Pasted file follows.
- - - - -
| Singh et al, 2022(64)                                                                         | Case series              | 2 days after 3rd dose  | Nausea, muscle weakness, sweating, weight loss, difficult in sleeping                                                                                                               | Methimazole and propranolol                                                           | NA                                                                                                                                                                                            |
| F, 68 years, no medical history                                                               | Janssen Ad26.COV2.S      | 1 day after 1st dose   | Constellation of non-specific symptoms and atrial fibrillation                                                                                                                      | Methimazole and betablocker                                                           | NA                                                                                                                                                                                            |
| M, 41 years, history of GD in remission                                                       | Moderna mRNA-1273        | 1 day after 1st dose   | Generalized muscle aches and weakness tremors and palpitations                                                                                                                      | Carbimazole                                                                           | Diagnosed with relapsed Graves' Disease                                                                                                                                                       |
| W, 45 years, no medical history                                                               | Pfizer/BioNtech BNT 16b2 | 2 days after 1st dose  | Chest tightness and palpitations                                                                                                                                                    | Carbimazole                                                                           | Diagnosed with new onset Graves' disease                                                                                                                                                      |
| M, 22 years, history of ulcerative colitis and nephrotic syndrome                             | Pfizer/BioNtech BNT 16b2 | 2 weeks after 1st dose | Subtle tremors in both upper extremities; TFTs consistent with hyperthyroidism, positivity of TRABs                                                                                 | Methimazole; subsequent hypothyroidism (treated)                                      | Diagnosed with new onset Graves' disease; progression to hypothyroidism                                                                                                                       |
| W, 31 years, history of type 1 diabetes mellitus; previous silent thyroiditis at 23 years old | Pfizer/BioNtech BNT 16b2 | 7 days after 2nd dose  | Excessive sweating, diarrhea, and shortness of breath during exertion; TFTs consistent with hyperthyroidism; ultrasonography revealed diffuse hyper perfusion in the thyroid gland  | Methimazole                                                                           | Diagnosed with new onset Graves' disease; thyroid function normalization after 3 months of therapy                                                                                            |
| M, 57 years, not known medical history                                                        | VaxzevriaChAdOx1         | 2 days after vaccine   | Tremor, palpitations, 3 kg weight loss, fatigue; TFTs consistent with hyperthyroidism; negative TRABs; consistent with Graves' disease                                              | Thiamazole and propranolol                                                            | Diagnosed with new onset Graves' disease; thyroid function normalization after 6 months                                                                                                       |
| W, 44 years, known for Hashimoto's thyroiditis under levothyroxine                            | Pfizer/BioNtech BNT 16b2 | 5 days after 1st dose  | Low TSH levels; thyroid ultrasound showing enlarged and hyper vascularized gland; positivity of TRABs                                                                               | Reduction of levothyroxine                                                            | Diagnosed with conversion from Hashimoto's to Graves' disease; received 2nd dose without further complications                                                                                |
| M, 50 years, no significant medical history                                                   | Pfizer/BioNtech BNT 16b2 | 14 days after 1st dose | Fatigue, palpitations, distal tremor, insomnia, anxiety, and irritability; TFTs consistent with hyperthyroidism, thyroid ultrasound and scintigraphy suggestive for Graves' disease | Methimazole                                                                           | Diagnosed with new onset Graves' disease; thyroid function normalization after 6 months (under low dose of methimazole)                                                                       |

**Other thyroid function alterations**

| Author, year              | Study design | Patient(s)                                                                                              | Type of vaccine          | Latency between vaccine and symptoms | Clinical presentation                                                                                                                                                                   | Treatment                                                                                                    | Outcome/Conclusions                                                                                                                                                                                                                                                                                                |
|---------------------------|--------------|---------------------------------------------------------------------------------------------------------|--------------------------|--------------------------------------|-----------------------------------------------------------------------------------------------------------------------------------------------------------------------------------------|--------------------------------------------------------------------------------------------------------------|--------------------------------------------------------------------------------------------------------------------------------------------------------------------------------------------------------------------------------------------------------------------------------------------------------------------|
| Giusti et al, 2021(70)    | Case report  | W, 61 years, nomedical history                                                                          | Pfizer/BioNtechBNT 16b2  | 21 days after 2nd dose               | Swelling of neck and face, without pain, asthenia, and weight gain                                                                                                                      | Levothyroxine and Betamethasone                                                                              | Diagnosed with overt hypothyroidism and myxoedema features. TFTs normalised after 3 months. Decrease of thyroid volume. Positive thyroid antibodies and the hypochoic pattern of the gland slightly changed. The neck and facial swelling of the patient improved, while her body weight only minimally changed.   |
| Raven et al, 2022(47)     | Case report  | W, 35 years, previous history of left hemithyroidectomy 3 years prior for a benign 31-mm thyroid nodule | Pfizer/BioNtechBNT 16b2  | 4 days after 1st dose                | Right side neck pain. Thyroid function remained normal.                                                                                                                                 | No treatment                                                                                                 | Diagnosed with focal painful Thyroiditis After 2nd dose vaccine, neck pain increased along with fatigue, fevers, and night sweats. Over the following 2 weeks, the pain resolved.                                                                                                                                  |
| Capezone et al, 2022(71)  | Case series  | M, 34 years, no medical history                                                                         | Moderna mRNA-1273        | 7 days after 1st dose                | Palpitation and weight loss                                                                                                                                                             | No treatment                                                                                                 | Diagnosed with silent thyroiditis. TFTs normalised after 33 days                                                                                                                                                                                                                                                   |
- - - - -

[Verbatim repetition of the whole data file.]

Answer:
| Singh et al, 2022(64)                                                                         | Case series              | 2 days after 3rd dose  | Nausea, muscle weakness, sweating, weight loss, difficult in sleeping                                                                                                               | Methimazole and propranolol                                                           | NA                                                                                                                                                                                            |
| F, 68 years, no medical history                                                               | Janssen Ad26.COV2.S      | 1 day after 1st dose   | Constellation of non-specific symptoms and atrial fibrillation                                                                                                                      | Methimazole and betablocker                                                           | NA                                                                                                                                                                                            |
| M, 41 years, history of GD in remission                                                       | Moderna mRNA-1273        | 1 day after 1st dose   | Generalized muscle aches and weakness tremors and palpitations                                                                                                                      | Carbimazole                                                                           | Diagnosed with relapsed Graves' Disease                                                                                                                                                       |
| W, 45 years, no medical history                                                               | Pfizer/BioNtech BNT 16b2 | 2 days after 1st dose  | Chest tightness and palpitations                                                                                                                                                    | Carbimazole                                                                           | Diagnosed with new onset Graves' disease                                                                                                                                                      |
| M, 22 years, history of ulcerative colitis and nephrotic syndrome                             | Pfizer/BioNtech BNT 16b2 | 2 weeks after 1st dose | Subtle tremors in both upper extremities; TFTs consistent with hyperthyroidism, positivity of TRABs                                                                                 | Methimazole; subsequent hypothyroidism (treated)                                      | Diagnosed with new onset Graves' disease; progression to hypothyroidism                                                                                                                       |
| W, 31 years, history of type 1 diabetes mellitus; previous silent thyroiditis at 23 years old | Pfizer/BioNtech BNT 16b2 | 7 days after 2nd dose  | Excessive sweating, diarrhea, and shortness of breath during exertion; TFTs consistent with hyperthyroidism; ultrasonography revealed diffuse hyper perfusion in the thyroid gland  | Methimazole                                                                           | Diagnosed with new onset Graves' disease; thyroid function normalization after 3 months of therapy                                                                                            |
| M, 57 years, not known medical history                                                        | VaxzevriaChAdOx1         | 2 days after vaccine   | Tremor, palpitations, 3 kg weight loss, fatigue; TFTs consistent with hyperthyroidism; negative TRABs; consistent with Graves' disease                                              | Thiamazole and propranolol                                                            | Diagnosed with new onset Graves' disease; thyroid function normalization after 6 months                                                                                                       |
| W, 44 years, known for Hashimoto's thyroiditis under levothyroxine                            | Pfizer/BioNtech BNT 16b2 | 5 days after 1st dose  | Low TSH levels; thyroid ultrasound showing enlarged and hyper vascularized gland; positivity of TRABs                                                                               | Reduction of levothyroxine                                                            | Diagnosed with conversion from Hashimoto's to Graves' disease; received 2nd dose without further complications                                                                                |
| M, 50 years, no significant medical history                                                   | Pfizer/BioNtech BNT 16b2 | 14 days after 1st dose | Fatigue, palpitations, distal tremor, insomnia, anxiety, and irritability; TFTs consistent with hyperthyroidism, thyroid ultrasound and scintigraphy suggestive for Graves' disease | Methimazole                                                                           | Diagnosed with new onset Graves' disease; thyroid function normalization after 6 months (under low dose of methimazole)                                                                       |

**Other thyroid function alterations**

| Author, year              | Study design | Patient(s)                                                                                              | Type of vaccine          | Latency between vaccine and symptoms | Clinical presentation                                                                                                                                                                   | Treatment                                                                                                    | Outcome/Conclusions                                                                                                                                                                                                                                                                                                |
|---------------------------|--------------|---------------------------------------------------------------------------------------------------------|--------------------------|--------------------------------------|-----------------------------------------------------------------------------------------------------------------------------------------------------------------------------------------|--------------------------------------------------------------------------------------------------------------|--------------------------------------------------------------------------------------------------------------------------------------------------------------------------------------------------------------------------------------------------------------------------------------------------------------------|
| Giusti et al, 2021(70)    | Case report  | W, 61 years, nomedical history                                                                          | Pfizer/BioNtechBNT 16b2  | 21 days after 2nd dose               | Swelling of neck and face, without pain, asthenia, and weight gain                                                                                                                      | Levothyroxine and Betamethasone                                                                              | Diagnosed with overt hypothyroidism and myxoedema features. TFTs normalised after 3 months. Decrease of thyroid volume. Positive thyroid antibodies and the hypochoic pattern of the gland slightly changed. The neck and facial swelling of the patient improved, while her body weight only minimally changed.   |
| Raven et al, 2022(47)     | Case report  | W, 35 years, previous history of left hemithyroidectomy 3 years prior for a benign 31-mm thyroid nodule | Pfizer/BioNtechBNT 16b2  | 4 days after 1st dose                | Right side neck pain. Thyroid function remained normal.                                                                                                                                 | No treatment                                                                                                 | Diagnosed with focal painful Thyroiditis After 2nd dose vaccine, neck pain increased along with fatigue, fevers, and night sweats. Over the following 2 weeks, the pain resolved.                                                                                                                                  |
| Capezone et al, 2022(71)  | Case series  | M, 34 years, no medical history                                                                         | Moderna mRNA-1273        | 7 days after 1st dose                | Palpitation and weight loss                                                                                                                                                             | No treatment                                                                                                 | Diagnosed with silent thyroiditis. TFTs normalised after 33 days                                                                                                                                                                                                                                                   |